DFS: [(0, 1), (1, 2), (2, 3), (3, 7), (3, 12), (3, 13), (13, 33), (33, 8), (8, 30), (30, 32), (32, 14), (32, 15), (32, 18), (32, 20), (32, 22), (32, 23), (23, 25), (25, 24), (24, 27), (24, 31), (31, 28), (23, 29), (29, 26), (33, 9), (33, 19), (1, 17), (1, 21), (0, 4), (4, 6), (6, 5), (5, 10), (5, 16), (0, 11)]
traversed nodes: [0, 1, 2, 3, 7, 12, 13, 33, 8, 30, 32, 14, 15, 18, 20, 22, 23, 25, 24, 27, 31, 28, 29, 26, 9, 19, 17, 21, 4, 6, 5, 10, 16, 11]
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Dijkstra's Algorithm

If the cost of all edges is the same, width-first search or depth-first search can be used, but there are cases where the distances between edges are different. In such a case, Dijkstra's algorithm is an effective search method. Dijkstra's algorithm is an algorithm to find the shortest path length to each vertex, given a graph and a starting vertex.

#Define Graph
G = nx.Graph()
G.add_nodes_from(range(0, 5))
G.add_weighted_edges_from([(0, 1, 7), (0, 2, 9), (0, 5, 14), (1, 2, 10), (1, 3, 15), (2, 3, 11), (2, 5, 2), (3, 4, 6), (4, 5, 9)])

plt.figure(figsize=(5, 5))
pos = nx.spring_layout(G)
nx.draw_networkx_edges(G, pos)
nx.draw_networkx_nodes(G, pos)
nx.draw_networkx_edge_labels(G, pos, font_size=16, edge_labels={(u, v): d["weight"] for u, v, d in G.edges(data=True)})
nx.draw_networkx_labels(G, pos)
plt.axis("off")
plt.show()
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dist_estimate = [999] * nx.number_of_nodes(G)
dist_certainty = [0] * nx.number_of_nodes(G)
dist_estimate[1] = 0

while functools.reduce(operator.mul, dist_certainty) == 0:
  print("Estimation: ", dist_estimate)
  print("Certaintly: ", dist_certainty)
  min_v = 999
  for n in nx.nodes(G):
    if (dist_certainty[n] ==0) and (dist_estimate[n] <= min_v):
      min_v = dist_estimate[n]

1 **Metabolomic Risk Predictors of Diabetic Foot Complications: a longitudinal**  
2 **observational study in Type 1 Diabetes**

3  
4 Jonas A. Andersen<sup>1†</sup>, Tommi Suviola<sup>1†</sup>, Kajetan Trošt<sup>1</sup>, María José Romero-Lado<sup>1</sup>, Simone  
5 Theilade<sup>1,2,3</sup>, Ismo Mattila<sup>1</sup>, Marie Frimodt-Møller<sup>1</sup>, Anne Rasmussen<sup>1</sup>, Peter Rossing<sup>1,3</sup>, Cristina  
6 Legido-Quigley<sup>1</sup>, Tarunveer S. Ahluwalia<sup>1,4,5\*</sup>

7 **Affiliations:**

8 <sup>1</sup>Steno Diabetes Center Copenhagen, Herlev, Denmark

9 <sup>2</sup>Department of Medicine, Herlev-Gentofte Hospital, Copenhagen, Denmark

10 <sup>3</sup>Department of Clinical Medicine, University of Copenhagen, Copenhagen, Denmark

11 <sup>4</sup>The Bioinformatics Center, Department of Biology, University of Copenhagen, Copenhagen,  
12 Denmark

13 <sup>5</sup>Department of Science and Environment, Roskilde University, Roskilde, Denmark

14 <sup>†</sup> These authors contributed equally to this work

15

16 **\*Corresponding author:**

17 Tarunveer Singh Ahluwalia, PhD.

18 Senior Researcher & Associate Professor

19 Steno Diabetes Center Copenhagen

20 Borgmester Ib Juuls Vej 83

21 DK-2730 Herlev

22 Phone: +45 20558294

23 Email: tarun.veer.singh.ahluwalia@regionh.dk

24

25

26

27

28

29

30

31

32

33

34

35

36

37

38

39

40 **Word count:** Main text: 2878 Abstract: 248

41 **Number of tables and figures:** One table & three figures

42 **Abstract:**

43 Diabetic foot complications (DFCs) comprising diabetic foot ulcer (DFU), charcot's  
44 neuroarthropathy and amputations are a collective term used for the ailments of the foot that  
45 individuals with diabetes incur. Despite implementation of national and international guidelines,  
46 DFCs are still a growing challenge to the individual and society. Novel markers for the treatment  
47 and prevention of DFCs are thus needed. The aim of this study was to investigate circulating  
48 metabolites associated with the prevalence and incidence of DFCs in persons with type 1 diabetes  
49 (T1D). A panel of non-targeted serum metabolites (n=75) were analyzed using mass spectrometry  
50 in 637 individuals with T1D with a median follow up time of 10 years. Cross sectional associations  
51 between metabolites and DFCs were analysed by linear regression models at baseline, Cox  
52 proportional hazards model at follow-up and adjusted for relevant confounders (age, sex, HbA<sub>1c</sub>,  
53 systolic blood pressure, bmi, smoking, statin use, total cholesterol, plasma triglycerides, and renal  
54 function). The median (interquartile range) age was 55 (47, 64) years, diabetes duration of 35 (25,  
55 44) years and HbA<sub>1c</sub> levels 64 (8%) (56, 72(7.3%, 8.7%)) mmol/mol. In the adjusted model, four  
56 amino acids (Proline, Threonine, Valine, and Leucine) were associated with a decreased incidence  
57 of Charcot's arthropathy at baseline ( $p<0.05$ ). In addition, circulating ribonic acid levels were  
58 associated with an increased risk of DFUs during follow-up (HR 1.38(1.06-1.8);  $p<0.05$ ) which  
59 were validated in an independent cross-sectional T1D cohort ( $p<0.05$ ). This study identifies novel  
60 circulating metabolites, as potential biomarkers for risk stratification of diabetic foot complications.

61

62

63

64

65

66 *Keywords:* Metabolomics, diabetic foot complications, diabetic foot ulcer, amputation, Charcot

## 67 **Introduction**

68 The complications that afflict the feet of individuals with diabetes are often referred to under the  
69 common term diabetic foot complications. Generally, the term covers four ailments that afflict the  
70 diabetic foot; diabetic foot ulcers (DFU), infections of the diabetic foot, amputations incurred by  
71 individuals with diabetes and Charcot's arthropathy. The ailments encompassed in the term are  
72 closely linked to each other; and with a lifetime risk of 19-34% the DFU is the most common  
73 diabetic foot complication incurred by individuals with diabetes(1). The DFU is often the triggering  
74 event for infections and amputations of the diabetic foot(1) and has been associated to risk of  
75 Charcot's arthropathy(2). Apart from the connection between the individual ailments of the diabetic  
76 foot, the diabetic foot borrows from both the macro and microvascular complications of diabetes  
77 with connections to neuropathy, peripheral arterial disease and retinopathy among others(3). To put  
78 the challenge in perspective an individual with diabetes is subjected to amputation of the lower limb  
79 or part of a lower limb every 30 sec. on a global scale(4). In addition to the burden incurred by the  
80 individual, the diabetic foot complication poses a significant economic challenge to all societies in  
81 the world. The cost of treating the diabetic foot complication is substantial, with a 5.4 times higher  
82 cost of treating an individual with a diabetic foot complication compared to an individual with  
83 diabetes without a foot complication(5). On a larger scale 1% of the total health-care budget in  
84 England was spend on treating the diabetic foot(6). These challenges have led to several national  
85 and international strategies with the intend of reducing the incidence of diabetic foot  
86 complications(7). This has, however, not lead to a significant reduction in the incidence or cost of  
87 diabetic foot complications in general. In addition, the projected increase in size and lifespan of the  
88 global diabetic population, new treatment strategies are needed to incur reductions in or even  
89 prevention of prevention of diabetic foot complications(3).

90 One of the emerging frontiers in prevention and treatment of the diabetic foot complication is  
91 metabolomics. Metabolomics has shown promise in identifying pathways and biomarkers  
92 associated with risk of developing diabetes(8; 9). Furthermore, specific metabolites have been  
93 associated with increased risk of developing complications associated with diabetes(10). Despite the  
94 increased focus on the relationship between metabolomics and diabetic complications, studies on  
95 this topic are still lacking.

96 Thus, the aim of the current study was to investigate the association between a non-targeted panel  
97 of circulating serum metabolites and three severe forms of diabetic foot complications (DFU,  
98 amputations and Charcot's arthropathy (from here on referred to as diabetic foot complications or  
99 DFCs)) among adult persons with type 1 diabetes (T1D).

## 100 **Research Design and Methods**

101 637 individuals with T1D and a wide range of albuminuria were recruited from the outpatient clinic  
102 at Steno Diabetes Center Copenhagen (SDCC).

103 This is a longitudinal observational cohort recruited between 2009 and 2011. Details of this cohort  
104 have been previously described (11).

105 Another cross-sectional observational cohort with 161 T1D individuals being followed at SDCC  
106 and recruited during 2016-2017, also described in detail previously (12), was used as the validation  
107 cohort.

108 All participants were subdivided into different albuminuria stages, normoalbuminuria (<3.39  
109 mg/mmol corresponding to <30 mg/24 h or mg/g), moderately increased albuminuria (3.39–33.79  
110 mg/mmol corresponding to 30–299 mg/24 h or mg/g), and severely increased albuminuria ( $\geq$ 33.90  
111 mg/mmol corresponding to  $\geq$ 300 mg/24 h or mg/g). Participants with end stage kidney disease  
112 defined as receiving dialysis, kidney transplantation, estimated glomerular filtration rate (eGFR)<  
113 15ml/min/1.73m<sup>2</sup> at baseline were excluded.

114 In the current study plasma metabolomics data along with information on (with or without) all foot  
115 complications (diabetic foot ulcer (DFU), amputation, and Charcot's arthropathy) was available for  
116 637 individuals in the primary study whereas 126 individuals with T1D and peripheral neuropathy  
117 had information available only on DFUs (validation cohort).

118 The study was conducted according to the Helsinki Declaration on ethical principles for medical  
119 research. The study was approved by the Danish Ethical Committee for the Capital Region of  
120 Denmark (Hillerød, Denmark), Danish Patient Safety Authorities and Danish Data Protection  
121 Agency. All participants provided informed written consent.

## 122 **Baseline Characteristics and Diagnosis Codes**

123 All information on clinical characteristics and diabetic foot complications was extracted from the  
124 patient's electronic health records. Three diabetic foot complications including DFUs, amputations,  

min_id = n
    dist_certainty[min_id] = 1
    for nb in G.neighbors(min_id):
      new_estimate = G[min_id][nb]["weight"] + dist_estimate[min_id]
      if new_estimate < dist_estimate[nb]:
        dist_estimate[nb] = new_estimate
        print("Estimation: ", dist_estimate)
        print("Certaintly: ", dist_certainty)
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Initially, the shortest path length estimates are very large integers, and their certainty is zero. The shortest path in the array of path length estimates is considered as a reliable estimate, and the distance of the path through that vertex to the neighboring vertex is calculated. If it is shorter than the previous estimate of the shortest path length, the process is repeated to update the estimate.

Estimation:  [999, 0, 999, 999, 999, 999]
Certaintly:  [0, 0, 0, 0, 0, 0]
Estimation:  [7, 0, 999, 999, 999, 999]
Certaintly:  [1, 1, 0, 0, 0, 0]
Estimation:  [7, 0, 10, 999, 999, 999]
Certaintly:  [1, 1, 0, 0, 0, 0]
Estimation:  [7, 0, 10, 15, 999, 999]
Certaintly:  [1, 1, 0, 0, 0, 0]
Estimation:  [7, 0, 10, 15, 999, 999]
Certaintly:  [1, 1, 0, 0, 0, 0]
Estimation:  [7, 0, 10, 15, 999, 12]
Certaintly:  [1, 1, 1, 0, 0, 0]
Estimation:  [7, 0, 10, 15, 999, 12]
Certaintly:  [1, 1, 1, 0, 0, 0]
Estimation:  [7, 0, 10, 15, 21, 12]
Certaintly:  [1, 1, 1, 1, 0, 0]
Estimation:  [7, 0, 10, 15, 21, 12]
Certaintly:  [1, 1, 1, 1, 0, 1]
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Conclusion

In this article, I explained the main search methods for graphs: breadth-first search, depth-first search, and Dijkstra's algorithm. There are other search methods for graphs, so please refer to the following links and try to implement them.

Graph Data Structure